Pseudosuchia, one of the two main clades of Archosauria (Reptilia: Diapsida), suffered a major decline in lineage diversity during the Triassic–Jurassic (TJ) mass extinction (approx. 201 Ma). Crocodylomorpha, including living crocodilians and their extinct relatives, is the only group of pseudosuchians that survived into the Jurassic. We reassess changes in pseudosuchian morphological diversity (disparity) across this time interval, using considerably larger sample sizes than in previous analyses. Our results show that metrics of pseudosuchian disparity did not change significantly across the TJ boundary, contrasting with previous work suggesting low pseudosuchian disparity in the Early Jurassic following the TJ mass extinction. However, a significant shift in morphospace occupation between Late Triassic and Early Jurassic taxa is recognized, suggesting that the TJ extinction of many pseudosuchian lineages was followed by a major and geologically rapid adaptive radiation of crocodylomorphs. This marks the onset of the spectacularly successful evolutionary history of crocodylomorphs in Jurassic and Cretaceous ecosystems.

Related Stories

Size of mammals exploded after dinosaur extinction

November 25, 2010

Researchers demonstrate that the extinction of dinosaurs 65 million years ago made way for mammals to get bigger - about a thousand times bigger than they had been. The study, which is published in the prestigious journal ...

The sea dragons bounce back

May 4, 2011

( -- The evolution of ichthyosaurs, important marine predators of the age of dinosaurs, was hit hard by a mass extinction event 200 million years ago, according to a new study from the University of Bristol published ...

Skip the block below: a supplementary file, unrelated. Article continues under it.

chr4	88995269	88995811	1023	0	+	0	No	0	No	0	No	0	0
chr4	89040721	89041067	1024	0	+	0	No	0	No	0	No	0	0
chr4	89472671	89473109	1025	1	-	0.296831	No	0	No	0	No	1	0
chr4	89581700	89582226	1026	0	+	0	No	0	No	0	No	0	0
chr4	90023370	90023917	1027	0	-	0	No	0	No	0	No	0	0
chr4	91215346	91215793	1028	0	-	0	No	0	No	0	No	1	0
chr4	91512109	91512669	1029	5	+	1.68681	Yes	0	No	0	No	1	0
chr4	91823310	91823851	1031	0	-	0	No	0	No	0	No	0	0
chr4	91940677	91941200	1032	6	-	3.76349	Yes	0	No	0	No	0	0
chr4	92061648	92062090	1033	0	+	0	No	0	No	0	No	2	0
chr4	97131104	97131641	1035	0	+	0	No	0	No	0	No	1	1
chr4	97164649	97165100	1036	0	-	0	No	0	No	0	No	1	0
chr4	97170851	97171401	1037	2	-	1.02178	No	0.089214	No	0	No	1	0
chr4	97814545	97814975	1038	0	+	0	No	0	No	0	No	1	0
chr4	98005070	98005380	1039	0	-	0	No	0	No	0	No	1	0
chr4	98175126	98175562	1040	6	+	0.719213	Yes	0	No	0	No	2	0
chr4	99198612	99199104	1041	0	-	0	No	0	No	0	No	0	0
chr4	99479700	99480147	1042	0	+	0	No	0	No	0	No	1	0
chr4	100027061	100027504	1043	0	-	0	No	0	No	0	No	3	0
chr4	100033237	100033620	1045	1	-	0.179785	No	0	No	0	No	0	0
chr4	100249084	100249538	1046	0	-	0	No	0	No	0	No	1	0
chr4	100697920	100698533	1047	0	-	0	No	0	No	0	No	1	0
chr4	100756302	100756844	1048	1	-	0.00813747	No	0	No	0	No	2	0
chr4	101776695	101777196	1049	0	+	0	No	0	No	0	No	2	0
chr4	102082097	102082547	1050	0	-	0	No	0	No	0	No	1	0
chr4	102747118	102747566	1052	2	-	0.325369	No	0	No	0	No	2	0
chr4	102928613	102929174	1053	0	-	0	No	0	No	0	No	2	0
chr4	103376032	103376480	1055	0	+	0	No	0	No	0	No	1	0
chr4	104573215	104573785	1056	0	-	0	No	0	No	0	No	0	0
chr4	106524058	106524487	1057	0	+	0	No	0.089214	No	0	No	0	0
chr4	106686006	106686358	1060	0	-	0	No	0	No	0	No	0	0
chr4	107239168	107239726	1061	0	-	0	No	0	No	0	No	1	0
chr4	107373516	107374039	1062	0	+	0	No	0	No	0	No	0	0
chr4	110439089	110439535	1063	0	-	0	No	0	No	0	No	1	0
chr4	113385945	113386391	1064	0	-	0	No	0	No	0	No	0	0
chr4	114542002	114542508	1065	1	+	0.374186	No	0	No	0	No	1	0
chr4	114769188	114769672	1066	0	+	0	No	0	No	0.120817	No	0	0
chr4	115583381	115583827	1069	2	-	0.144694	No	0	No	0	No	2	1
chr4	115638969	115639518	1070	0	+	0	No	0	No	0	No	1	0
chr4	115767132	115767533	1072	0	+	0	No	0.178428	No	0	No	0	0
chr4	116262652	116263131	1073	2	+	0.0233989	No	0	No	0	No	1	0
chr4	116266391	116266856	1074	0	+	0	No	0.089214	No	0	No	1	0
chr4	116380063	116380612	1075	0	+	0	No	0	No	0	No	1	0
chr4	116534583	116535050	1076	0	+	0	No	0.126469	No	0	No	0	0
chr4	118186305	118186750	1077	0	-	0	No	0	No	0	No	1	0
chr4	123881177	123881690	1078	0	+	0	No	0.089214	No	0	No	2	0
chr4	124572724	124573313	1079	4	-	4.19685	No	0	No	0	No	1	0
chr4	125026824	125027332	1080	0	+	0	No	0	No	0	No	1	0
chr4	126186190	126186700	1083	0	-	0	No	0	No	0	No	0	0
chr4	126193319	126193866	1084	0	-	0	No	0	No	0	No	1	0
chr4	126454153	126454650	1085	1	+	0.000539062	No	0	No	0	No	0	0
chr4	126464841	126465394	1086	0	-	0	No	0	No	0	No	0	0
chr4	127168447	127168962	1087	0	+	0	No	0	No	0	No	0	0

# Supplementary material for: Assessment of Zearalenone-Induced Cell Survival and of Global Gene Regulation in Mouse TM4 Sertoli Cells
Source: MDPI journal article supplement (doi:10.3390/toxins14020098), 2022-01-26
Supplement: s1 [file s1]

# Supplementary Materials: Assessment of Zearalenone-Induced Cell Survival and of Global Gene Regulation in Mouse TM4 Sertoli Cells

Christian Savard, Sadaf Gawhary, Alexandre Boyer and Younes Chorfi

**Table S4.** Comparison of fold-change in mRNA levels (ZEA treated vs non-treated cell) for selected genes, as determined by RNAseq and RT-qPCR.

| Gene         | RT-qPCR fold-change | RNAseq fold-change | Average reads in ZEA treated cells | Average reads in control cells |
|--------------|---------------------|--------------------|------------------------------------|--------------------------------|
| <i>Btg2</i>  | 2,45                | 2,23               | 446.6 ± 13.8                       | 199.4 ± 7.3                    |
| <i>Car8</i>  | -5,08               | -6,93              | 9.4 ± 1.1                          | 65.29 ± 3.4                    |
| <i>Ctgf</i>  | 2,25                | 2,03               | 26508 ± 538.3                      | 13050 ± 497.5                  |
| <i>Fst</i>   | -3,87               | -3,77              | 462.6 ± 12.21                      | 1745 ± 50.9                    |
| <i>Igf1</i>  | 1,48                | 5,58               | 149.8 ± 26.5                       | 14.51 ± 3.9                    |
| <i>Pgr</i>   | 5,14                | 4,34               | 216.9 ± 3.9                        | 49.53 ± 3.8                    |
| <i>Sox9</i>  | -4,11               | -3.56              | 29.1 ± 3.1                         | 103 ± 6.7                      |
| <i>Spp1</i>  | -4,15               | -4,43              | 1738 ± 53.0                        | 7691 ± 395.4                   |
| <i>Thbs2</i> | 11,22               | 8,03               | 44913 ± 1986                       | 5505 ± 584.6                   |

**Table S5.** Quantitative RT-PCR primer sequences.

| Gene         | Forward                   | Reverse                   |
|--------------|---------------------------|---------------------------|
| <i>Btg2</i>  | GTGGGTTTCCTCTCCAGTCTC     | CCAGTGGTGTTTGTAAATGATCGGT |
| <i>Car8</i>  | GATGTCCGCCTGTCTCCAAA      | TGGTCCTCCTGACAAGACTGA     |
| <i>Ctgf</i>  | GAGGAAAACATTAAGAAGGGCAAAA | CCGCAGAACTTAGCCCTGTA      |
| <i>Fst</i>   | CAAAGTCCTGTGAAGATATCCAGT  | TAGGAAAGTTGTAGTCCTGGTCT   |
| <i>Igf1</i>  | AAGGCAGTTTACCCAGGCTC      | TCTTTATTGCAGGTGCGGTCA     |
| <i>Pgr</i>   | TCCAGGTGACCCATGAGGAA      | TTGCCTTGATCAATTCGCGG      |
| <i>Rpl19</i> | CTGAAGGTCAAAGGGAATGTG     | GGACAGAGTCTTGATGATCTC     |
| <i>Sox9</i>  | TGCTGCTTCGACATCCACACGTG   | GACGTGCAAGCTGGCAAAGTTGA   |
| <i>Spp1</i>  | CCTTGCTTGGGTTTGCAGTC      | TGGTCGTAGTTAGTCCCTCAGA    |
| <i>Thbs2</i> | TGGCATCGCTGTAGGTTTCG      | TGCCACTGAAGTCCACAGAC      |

Tough turtles survive cretaceous meteorite impact

July 12, 2011

( -- New fossil localities from North Dakota and Montana have produced the remains of a turtle that survived the 65 million-year-old meteorite impact that wiped out the dinosaurs. The resulting study, published ...

Recommended for you

Study sheds new light on ancient human-turkey relationship

January 17, 2018

For the first time, research has uncovered the origins of the earliest domestic turkeys in ancient Mexico. The study also suggests turkeys weren't only prized for their meat—with demand for the birds soaring with the Mayans ...


Adjust slider to filter visible comments by rank

Display comments: newest first

3.4 / 5 (5) Mar 28, 2013
Didn't know they could tell "Tales":) Don't you have spell checkers?
5 / 5 (2) Mar 28, 2013
Except, of course, that the lone surviving dinosaur clade of birds still dominate as far as species diversity goes: 10 000 vs 6 000 species. =D
3.7 / 5 (3) Mar 28, 2013
Didn't know they could tell "Tales":) Don't you have spell checkers?

For a second I thought you meant the pseudosuchians. Imagining a large reptile like creature with tiny reading glasses on, "Do I hit F7 or shift F7, I forget!"
3.7 / 5 (6) Mar 28, 2013
"big strong tales"? "the dominate species"?
You cannot blindly rely on spell-checkers.
Help Wanted: Proofreader!
1 / 5 (5) Mar 28, 2013
So, there were two lineages of archosaurs - dinosaurs and pseudosuchians. Today, only one lineage from either still survives - birds and crocodilians. And both groups of descendants are smaller than their ancestors.

Please sign in to add a comment. Registration is free, and takes less than a minute. Read more

Click here to reset your password.
Sign in to get notified via email when new comments are made.